Mr A realised that this meant he’d be forced to sell his home in his late 90s. He complained to the mortgage company, asking them to change his arrangements. But the mortgage company refused. They said that they hadn’t given Mr A advice about what mortgage to have – and that he’d been given clear information about the terms he was signing up to.
Increasingly worried, Mr A arranged an appointment at his local community centre – and the adviser there contacted us.
From the information the mortgage company sent us, we saw Mr A had an interest-only mortgage with a 25-year term. He’d taken it out jointly with his wife when they were both in their early 70s – although Mrs A had died a few years later. At the time, the mortgage company had agreed that the sale of Mr and Mrs A’s home was an acceptable “repayment vehicle”.
In our view, the question wasn’t whether Mr A had been given clear information about the mortgage. In fact, we agreed it was clear.
Instead, we were concerned that the mortgage company hadn’t given personalised advice – taking into account their age and circumstances. Mr A was now facing the prospect of selling his home at nearly 100 years old – with 15 years of worry in front of him. We didn’t think this was fair.
We told the mortgage company to convert Mr A’s 25-year mortgage to a mortgage with no set end. Mr A’s monthly pension payments were enough to cover the interest payments – with the capital being paid back when his house was sold after he died.
After retiring, Mrs B moved abroad to live in her favourite holiday town in France. A few months later, the bank she’d used in the UK wrote to say she’d gone over her authorised overdraft – and asked her to pay back the money.
Mrs B told the bank that she’d closed her account with them when she moved – and didn’t believe she owed any money. She told them to contact her French bank to sort the problem out.
When the bank wrote to her again suggesting ways to pay, Mrs B phoned us.
complaint not upheld
Mrs B explained that she hadn’t closed her UK account straightaway after moving to France – because she’d needed to arrange for her pension to be paid into her French account. In the meantime, she’d set up a regular payment from her UK account to her French account.
But she thought she’d gone on to close her UK account – and was now very confused to be told she owed money. She told us her home helpers couldn’t explain it either. She said she had health problems, and the worry was making things worse.
We asked Mrs B’s UK bank for details of her account. We could see that her private pension had continued to be paid into her UK bank for three months after she’d moved abroad. We also noticed that the regular payment Mrs B had set up to the
French account had continued after that.
Neither Mrs B nor the UK bank had any record of her contacting them to close her account – or cancelling the regular payment she’d set up. We thought it was possible that – after arranging for her pension to get to the right place – Mrs B might have simply forgotten.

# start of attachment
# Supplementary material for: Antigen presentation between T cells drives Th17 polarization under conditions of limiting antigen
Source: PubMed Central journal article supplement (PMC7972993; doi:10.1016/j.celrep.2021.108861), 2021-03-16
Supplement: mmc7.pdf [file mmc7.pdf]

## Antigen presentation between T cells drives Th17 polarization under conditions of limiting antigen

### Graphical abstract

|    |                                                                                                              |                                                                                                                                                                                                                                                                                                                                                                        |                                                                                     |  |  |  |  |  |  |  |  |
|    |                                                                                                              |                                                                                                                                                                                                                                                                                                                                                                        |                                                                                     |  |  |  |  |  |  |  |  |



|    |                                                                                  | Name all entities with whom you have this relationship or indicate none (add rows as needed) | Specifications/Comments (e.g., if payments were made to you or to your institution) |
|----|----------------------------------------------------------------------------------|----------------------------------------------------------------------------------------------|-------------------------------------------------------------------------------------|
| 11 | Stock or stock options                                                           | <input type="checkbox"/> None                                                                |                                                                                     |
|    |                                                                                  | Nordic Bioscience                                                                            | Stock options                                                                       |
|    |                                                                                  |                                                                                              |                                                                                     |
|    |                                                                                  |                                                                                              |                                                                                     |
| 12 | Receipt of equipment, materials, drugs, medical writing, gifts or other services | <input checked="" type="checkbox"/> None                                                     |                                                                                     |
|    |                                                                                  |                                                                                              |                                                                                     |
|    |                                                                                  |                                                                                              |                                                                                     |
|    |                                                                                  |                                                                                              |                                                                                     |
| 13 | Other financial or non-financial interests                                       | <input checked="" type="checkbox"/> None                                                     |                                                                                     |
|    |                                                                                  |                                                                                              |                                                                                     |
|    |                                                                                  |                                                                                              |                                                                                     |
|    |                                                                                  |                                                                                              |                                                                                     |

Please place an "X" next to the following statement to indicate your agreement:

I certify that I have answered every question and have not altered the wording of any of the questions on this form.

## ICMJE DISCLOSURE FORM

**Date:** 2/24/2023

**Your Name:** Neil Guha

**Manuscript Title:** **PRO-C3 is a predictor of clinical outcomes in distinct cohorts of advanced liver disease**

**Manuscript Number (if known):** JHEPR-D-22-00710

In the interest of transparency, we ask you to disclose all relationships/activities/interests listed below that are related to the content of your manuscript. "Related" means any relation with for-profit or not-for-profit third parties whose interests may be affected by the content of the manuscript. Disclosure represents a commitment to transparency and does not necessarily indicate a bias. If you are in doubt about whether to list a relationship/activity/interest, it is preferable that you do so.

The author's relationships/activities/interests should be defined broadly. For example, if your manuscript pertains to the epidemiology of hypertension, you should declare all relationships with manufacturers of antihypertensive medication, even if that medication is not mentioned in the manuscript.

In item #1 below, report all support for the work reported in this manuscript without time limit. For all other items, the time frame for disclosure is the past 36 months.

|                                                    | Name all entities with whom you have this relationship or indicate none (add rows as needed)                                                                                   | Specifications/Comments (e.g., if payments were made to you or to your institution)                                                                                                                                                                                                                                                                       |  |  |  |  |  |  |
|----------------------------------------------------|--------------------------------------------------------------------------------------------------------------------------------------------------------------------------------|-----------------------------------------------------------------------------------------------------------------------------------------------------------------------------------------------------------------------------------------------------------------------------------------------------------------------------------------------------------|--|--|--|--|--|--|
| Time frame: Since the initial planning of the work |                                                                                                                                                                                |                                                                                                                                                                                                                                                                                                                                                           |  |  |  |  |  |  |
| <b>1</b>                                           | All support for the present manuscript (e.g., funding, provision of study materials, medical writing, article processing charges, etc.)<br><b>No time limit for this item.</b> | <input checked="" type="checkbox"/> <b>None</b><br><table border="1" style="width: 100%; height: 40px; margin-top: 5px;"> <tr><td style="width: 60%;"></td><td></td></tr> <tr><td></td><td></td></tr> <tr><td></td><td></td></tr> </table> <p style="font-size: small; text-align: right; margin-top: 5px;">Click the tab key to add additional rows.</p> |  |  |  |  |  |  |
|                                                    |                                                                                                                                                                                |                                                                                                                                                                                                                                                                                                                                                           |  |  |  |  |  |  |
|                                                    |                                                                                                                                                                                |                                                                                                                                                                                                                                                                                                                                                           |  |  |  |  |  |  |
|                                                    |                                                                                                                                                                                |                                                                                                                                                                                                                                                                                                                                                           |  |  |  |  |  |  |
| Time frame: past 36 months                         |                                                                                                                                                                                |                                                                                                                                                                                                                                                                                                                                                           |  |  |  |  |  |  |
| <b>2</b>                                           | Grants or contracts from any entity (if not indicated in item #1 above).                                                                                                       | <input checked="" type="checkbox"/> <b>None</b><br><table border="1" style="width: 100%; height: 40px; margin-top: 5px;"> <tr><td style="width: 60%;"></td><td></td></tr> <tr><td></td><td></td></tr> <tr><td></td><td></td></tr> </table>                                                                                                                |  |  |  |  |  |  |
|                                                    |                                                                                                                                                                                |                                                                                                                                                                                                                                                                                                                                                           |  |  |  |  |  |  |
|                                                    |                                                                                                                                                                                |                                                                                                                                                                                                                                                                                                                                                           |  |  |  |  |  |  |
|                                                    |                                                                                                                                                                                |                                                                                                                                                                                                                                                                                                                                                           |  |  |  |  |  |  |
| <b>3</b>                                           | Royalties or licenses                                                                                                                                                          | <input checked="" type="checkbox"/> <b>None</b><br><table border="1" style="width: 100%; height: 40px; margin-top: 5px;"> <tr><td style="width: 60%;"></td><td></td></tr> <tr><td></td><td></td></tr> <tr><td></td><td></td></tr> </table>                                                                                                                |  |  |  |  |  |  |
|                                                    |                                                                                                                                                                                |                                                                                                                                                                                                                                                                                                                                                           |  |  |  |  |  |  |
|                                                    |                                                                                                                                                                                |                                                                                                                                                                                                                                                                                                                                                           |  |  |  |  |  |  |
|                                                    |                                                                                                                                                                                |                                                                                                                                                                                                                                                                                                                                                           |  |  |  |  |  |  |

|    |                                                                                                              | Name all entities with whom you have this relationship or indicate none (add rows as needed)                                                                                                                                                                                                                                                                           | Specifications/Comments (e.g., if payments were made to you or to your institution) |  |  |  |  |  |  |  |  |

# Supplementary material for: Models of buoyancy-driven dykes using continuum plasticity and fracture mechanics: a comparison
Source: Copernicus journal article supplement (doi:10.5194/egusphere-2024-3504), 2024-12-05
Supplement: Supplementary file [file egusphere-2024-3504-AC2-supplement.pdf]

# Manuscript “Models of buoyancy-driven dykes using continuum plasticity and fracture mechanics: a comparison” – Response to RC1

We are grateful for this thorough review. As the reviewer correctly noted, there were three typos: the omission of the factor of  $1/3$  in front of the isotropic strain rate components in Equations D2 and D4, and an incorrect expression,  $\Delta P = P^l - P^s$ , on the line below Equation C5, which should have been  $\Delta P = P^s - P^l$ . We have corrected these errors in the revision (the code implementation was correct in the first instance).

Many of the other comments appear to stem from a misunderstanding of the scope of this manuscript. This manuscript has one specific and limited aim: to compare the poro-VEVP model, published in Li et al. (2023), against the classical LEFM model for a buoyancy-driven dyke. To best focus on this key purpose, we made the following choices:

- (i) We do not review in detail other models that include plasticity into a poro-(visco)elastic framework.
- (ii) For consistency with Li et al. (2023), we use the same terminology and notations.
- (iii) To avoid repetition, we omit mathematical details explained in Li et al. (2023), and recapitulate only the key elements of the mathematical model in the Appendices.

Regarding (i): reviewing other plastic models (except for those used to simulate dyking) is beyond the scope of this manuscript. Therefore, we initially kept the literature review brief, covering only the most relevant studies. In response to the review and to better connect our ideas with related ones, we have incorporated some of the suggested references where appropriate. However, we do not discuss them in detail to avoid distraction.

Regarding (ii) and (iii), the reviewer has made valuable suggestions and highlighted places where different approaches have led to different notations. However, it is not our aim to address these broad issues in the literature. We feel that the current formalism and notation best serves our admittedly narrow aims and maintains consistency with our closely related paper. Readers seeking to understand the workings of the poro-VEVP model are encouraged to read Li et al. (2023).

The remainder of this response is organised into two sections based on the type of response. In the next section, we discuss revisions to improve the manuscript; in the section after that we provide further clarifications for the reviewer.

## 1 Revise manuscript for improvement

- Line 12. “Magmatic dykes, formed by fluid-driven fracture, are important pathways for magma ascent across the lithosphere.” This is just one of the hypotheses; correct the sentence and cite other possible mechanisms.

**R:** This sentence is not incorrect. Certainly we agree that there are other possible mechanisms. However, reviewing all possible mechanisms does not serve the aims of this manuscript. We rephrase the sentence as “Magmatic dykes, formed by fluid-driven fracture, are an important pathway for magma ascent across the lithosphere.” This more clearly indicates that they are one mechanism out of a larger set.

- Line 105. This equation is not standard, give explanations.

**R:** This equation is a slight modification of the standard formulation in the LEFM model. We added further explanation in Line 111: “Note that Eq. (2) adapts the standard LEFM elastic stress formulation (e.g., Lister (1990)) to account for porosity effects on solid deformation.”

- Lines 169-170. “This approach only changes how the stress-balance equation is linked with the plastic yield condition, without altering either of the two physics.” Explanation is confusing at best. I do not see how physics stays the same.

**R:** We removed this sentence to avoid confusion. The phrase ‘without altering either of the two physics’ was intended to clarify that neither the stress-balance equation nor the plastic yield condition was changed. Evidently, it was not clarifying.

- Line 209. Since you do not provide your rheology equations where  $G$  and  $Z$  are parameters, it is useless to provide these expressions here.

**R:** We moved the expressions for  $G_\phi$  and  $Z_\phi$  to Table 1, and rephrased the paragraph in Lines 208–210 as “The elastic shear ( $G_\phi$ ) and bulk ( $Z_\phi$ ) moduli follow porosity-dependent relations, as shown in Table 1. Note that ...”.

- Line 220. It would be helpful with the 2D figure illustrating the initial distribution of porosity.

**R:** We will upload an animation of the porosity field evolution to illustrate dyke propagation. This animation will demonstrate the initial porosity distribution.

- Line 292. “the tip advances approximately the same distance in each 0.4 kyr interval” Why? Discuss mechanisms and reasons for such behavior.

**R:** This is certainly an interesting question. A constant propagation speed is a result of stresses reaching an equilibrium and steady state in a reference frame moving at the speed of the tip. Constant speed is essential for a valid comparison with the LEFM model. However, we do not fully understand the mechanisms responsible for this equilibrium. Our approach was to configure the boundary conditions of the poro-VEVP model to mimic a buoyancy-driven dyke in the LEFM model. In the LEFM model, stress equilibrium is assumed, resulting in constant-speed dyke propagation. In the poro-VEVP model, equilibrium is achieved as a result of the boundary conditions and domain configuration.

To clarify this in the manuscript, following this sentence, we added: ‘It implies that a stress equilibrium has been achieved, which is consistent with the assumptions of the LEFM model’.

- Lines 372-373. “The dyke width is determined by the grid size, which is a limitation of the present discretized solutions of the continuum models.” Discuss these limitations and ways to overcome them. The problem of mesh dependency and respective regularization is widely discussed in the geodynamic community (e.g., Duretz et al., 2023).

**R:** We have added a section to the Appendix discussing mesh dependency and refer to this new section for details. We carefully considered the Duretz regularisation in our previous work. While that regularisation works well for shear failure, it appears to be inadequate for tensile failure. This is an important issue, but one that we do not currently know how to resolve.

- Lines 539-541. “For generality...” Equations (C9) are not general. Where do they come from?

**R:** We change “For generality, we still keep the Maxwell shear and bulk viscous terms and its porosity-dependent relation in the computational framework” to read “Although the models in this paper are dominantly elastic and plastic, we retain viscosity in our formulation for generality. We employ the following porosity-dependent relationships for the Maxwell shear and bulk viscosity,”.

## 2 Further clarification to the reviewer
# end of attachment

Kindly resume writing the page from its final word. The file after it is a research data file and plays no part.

We talked Mrs B through what had happened. And we explained we didn’t think it was unfair of her UK bank to ask for the money back – since it had been going into her French account and she’d been able to spend it.
We considered whether the bank could have noticed what was happening. But we didn’t think they’d done anything wrong. Mrs B had set up the regular payments – and the bank had contacted her after she’d gone over her authorised overdraft.
We told the bank to agree with Mrs B a manageable way of paying back what she owed – taking into account her health and circumstances. The bank said they’d also waive the overdraft charges.
When Mr N’s hearing worsened, he bought a hearing aid. But after he started wearing it, he found it didn’t fit well and there was a lot of feedback noise.
Mr N contacted the hearing aid company and they agreed to look into the problems. When the aid still wasn’t fixed after several months, Mr N asked for a refund.
When the hearing aid company refused to refund him, Mr N – who’d bought the hearing aid on a credit card – contacted his card provider to make a claim under “section 75” of the consumer credit act. But the credit card provider said he’d need to get an independent report to establish whether there was a manufacturing fault.
Mr N complained, saying the aid was clearly faulty. When the credit card provider insisted he get a report, he asked us to step in.
Mr N thought it should be obvious that the hearing aid was faulty. He felt he was being asked to go through more hoops on top of the months of trouble he’d already had.
The credit card provider told us that, as far as they could see, the hearing aid company had offered Mr N their usual “after-care”. They felt Mr N should give the company more time to put things right.
But we didn’t agree. We pointed out that hearing aids are expensive and very personal items – so it’s important they’re right from the start. Mr N had sent his hearing aid back to the company three times over several months. In our view, he’d already given them a fair chance to put things right.
And while we accepted that getting an independent report might sometimes be the best course of action, we didn’t think it was so in Mr N’s case. We thought there was already enough evidence that the hearing aid was faulty – without making him search for and instruct an independent audiologist.